The tidal movement to digital transformation is linked to a demonstrably broader recognition of the strategic role and value of technology professionals and leaders on campus, another area of long-standing EDUCAUSE advocacy. For longer than we have talked about digital transformation, we have insisted that technology must be understood as a strategic asset, not a utility, and that senior IT leaders must be part of the campus strategic decision-making. But the idea of a strategic role for technology had disappointing traction among senior campus leaders before 2020.

From DSC:
The Presidents, Provosts, CIO’s, board members, influential faculty members, and other members of institutions’ key leadership positions who didn’t move powerfully forward with online-based learning over the last two+ decades missed the biggest thing to hit societies’ ability to learn in 500+ years — the Internet. Not since the invention of the printing press has learning had such an incredible gust of wind put in its sails. The affordances have been staggering, with millions of people now being educated in much less expensive ways (MOOCs, YouTube, LinkedIn Learning, other). Those who didn’t move forward with online-based learning in the past are currently scrambling to even survive. We’ll see how many close their doors as the number of effective alternatives increases.

Instead of functioning as a one-time fix during the pandemic, technology has become ubiquitous and relied upon to an ever-increasing degree across campus and across the student experience.

Moving forward, best of luck to those organizations who don’t have their CIOs at the decision-making table and reporting directly to the Presidents — and hopefully those CIO’s are innovative and visionary to begin with. Best of luck to those institutions who refuse to look up and around to see that the world has significantly changed from the time they got their degrees.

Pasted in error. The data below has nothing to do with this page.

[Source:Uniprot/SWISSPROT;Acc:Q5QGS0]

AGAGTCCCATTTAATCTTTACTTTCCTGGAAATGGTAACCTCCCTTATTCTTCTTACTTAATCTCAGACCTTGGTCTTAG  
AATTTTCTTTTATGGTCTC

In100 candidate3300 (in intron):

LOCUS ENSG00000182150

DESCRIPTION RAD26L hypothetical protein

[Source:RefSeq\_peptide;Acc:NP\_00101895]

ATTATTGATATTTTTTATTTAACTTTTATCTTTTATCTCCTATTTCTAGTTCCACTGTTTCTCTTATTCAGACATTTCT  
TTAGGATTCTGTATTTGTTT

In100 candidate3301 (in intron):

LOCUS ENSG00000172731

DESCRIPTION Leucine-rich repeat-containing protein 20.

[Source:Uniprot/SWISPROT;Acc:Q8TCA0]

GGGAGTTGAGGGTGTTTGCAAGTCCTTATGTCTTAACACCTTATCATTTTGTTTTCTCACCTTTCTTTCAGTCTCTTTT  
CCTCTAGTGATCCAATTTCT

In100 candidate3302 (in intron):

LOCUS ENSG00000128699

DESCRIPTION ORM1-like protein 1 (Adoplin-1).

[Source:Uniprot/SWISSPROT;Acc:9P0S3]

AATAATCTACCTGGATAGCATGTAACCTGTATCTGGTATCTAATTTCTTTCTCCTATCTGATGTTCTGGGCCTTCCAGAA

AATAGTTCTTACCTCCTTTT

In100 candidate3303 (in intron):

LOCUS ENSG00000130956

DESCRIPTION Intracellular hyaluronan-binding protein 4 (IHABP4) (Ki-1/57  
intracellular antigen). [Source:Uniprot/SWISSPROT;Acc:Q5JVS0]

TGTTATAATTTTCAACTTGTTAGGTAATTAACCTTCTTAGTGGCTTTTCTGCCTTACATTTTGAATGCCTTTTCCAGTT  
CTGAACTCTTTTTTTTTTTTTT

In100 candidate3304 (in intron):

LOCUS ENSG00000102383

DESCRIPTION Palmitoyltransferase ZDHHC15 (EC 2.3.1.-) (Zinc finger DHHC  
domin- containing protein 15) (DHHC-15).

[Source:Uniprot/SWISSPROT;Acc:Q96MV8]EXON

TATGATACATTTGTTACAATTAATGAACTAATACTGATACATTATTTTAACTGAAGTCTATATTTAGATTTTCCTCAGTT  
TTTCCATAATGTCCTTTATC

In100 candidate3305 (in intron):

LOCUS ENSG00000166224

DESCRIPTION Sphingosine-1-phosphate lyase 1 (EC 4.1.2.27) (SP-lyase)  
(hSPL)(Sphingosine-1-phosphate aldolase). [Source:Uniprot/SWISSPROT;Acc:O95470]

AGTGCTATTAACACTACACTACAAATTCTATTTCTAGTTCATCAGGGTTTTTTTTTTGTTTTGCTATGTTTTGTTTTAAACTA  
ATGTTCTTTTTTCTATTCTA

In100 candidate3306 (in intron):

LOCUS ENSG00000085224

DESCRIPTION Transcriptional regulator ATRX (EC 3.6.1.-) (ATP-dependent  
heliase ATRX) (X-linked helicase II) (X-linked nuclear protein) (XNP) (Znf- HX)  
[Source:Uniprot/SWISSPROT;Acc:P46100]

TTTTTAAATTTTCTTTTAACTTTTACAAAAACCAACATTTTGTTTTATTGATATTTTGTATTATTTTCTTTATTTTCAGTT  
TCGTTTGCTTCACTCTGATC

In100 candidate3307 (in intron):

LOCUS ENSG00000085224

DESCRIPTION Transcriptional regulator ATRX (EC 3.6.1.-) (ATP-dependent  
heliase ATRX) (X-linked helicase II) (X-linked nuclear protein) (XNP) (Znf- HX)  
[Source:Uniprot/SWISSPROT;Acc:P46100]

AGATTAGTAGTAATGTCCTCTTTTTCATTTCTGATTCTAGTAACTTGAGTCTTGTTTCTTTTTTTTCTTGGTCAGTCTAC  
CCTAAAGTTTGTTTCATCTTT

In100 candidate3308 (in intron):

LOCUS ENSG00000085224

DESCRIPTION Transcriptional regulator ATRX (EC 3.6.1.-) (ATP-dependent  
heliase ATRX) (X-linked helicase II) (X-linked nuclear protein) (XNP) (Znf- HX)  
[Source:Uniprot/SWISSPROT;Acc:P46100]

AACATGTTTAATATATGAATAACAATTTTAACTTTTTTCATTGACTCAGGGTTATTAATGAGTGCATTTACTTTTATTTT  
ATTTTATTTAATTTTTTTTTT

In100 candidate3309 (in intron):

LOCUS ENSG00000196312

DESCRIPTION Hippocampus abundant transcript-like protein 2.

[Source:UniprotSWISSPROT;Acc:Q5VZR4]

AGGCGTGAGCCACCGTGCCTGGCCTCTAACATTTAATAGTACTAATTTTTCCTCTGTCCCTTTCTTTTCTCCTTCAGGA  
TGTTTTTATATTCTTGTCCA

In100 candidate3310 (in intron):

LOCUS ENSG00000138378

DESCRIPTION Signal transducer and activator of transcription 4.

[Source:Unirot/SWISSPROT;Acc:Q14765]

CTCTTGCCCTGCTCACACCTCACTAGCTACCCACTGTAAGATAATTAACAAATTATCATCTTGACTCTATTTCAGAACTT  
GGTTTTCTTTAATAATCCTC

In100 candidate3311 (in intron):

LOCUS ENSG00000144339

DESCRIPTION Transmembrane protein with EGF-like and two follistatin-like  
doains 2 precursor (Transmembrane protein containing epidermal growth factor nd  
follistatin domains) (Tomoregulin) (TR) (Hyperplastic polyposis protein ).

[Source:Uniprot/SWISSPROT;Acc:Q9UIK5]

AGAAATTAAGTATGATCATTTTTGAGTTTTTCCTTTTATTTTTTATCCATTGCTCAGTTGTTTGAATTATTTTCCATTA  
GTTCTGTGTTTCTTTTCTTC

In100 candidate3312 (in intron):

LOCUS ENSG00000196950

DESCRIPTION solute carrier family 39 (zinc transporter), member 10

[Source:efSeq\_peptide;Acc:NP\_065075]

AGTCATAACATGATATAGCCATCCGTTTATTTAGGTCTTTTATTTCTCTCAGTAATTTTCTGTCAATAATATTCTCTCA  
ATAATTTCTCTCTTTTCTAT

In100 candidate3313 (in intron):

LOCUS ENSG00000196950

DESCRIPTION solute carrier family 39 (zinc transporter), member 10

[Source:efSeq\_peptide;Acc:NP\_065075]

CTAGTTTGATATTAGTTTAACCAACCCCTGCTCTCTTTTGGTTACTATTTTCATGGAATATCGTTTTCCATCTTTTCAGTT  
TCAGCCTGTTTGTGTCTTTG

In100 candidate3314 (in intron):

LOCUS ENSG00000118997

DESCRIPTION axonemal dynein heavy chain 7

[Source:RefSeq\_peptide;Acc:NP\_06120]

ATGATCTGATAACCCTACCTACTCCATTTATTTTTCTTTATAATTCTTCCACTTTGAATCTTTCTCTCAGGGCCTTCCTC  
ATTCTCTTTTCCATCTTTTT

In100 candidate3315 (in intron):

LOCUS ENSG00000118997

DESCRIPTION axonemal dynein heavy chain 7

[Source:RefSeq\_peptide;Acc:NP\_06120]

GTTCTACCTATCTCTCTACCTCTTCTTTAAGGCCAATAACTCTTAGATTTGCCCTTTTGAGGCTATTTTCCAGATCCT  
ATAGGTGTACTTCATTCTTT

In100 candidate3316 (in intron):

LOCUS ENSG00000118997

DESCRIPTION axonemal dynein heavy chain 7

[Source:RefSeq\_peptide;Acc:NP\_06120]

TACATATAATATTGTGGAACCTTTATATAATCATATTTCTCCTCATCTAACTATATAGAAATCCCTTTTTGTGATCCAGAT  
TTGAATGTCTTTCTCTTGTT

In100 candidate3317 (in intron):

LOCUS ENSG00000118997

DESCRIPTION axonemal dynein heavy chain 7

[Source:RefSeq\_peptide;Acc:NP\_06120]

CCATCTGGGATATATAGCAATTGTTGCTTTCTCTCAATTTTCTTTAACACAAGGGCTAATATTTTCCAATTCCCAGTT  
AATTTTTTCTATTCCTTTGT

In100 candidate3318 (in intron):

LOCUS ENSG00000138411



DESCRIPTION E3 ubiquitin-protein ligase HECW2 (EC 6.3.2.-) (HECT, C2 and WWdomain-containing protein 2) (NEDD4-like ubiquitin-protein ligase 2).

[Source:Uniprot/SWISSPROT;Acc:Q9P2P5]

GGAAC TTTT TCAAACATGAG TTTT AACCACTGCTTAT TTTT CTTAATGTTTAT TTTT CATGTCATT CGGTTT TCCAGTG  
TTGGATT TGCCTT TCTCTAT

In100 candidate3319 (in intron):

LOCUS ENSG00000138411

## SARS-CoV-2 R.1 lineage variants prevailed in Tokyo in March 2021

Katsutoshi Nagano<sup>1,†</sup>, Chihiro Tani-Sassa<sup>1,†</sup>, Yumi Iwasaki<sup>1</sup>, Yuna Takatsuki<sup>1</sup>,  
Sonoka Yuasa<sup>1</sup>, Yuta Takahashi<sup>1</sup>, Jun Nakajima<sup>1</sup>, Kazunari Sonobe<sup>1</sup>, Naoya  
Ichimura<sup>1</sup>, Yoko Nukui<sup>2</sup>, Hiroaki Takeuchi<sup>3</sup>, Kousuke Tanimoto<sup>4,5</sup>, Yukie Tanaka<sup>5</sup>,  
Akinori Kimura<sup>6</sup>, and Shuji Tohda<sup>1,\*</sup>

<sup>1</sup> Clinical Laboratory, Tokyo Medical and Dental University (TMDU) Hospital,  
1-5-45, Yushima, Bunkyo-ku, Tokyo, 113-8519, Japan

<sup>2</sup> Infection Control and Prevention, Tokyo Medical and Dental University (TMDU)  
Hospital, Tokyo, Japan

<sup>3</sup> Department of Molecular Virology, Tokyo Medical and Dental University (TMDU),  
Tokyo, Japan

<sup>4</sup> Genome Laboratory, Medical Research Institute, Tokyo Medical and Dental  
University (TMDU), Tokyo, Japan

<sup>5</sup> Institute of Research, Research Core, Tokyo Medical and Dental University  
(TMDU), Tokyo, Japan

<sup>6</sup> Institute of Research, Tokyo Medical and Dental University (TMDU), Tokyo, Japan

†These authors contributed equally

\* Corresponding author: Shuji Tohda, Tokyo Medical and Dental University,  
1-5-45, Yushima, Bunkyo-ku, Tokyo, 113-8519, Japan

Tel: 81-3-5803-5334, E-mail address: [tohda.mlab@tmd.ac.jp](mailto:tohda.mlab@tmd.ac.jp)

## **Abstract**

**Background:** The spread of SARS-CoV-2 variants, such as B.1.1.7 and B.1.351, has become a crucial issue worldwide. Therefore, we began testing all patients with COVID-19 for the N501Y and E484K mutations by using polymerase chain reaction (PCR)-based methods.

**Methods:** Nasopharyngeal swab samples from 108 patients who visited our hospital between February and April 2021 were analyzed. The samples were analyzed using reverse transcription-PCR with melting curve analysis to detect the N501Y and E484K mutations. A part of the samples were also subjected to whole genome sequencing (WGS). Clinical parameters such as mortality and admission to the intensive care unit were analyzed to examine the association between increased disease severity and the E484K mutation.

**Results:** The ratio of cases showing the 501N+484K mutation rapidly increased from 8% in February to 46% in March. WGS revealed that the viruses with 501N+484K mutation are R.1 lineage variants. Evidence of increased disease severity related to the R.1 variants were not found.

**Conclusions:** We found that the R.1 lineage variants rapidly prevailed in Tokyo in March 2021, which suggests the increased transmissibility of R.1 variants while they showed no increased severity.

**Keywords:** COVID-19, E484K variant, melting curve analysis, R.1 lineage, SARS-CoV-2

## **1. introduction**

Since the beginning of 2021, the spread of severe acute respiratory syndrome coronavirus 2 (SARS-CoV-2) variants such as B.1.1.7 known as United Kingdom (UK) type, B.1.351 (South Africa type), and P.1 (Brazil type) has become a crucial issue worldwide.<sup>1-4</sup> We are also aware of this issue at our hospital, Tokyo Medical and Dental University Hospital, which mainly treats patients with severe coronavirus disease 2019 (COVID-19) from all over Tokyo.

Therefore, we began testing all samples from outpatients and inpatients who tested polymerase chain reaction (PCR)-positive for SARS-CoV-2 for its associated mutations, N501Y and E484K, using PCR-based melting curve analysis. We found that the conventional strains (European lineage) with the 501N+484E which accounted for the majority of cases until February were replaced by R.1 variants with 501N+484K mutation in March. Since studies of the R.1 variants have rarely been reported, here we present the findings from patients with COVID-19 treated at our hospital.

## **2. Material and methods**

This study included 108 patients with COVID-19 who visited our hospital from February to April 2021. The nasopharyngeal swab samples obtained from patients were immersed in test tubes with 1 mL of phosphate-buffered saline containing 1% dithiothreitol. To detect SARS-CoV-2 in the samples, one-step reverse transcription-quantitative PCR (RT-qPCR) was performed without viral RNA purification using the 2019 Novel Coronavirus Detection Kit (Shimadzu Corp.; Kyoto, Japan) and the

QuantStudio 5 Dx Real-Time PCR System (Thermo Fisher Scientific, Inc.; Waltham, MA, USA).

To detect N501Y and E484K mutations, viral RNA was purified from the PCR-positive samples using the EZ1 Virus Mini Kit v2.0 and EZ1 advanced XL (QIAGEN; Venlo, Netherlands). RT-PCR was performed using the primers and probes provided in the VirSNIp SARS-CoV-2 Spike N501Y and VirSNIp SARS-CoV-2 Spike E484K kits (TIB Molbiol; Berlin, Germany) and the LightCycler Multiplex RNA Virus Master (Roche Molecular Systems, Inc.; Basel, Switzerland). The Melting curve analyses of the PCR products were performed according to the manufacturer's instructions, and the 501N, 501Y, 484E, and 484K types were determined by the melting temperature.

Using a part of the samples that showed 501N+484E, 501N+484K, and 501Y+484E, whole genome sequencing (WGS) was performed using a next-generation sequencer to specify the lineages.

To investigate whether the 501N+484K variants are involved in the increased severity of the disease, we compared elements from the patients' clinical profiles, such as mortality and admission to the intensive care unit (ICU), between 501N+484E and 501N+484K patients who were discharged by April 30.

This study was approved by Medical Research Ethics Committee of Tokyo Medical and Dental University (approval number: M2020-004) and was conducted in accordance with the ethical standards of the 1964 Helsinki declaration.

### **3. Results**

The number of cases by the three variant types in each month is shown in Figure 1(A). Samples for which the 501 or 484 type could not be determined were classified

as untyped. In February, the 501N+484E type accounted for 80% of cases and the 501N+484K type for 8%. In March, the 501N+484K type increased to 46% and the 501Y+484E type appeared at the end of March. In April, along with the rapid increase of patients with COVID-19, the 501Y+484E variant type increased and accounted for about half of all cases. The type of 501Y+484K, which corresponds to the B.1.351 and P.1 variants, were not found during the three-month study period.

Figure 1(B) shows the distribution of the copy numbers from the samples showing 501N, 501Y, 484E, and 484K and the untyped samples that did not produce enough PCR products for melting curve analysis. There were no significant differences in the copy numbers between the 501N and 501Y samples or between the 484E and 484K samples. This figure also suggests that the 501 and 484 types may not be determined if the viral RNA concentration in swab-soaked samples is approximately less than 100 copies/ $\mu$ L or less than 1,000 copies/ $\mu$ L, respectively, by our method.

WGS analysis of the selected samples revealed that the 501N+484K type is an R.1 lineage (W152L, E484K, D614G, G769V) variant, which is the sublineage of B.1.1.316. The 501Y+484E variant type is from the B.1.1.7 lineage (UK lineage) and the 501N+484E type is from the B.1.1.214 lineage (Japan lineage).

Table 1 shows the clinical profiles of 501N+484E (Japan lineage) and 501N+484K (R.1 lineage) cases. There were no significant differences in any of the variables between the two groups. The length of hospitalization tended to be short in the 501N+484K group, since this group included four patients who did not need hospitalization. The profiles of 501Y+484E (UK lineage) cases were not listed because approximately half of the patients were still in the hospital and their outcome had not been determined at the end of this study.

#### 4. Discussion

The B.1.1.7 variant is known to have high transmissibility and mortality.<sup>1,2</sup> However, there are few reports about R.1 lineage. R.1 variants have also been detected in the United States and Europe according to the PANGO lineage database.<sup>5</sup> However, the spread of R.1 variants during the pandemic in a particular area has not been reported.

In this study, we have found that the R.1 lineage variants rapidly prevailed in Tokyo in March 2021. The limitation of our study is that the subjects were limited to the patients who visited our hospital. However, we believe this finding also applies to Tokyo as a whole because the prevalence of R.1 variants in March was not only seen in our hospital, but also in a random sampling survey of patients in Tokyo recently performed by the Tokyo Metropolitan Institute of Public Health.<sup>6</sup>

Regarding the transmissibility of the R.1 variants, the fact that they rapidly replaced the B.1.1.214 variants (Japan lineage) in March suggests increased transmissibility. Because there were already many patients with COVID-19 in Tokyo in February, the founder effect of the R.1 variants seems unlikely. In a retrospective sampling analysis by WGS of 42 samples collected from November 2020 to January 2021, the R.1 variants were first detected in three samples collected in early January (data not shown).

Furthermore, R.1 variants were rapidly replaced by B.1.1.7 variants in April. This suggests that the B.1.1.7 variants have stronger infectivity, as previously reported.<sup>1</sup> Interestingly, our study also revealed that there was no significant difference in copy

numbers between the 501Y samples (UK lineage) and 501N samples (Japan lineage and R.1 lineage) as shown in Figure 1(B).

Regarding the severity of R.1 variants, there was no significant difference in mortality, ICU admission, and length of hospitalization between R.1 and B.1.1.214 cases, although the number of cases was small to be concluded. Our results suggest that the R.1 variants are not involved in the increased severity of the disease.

The current mix of new realities creates an opportunity for an evolution and, ideally, a synchronized reimagination of higher education overall. This will be driven by technology innovation and technology professionals—and will be made even more enduring by a campus culture of care for students, faculty, and staff.

Time will tell if the current cultures within many traditional institutions of higher education will allow them to adapt/change…or not.


Along the lines of transformations in our learning ecosystems, also see:


OPINION: Let’s use the pandemic as a dress-rehearsal for much-needed digital transformation — from hechingerreport.org by Jean-Claude Brizard
Schools must get ready for the next disruption and make high-quality learning available to all

Excerpts:

We should use this moment to catalyze a digital transformation of education that will prepare schools for our uncertain future.

What should come next is an examination of how schools can more deeply and deliberately harness technology to make high-quality learning accessible to every learner, even in the wake of a crisis. That means a digital transformation, with three key levers for change: in the classroom, in schools and at the systems level.

Platforms like these help improve student outcomes by enhancing teachers’ ability to meet individual students’ needs. They also allow learners to master new skills at their own pace, in their own way.

As Digital Transformation in Schools Continues, the Need for Enterprising IT Leaders Grows — from edtechmagazine.com by Ryan Petersen

K-12 IT leaders move beyond silos to make a meaningful impact inside and outside their schools.According to Korn Ferry’s research on enterprise leadership, “Enterprise leaders envision and grow; scale and create. They go beyond by going across the enterprise, optimizing the whole organization and its entire ecosystem by leading outside what they can control. These are leaders who see their role as being a participant in diverse and dynamic communities.”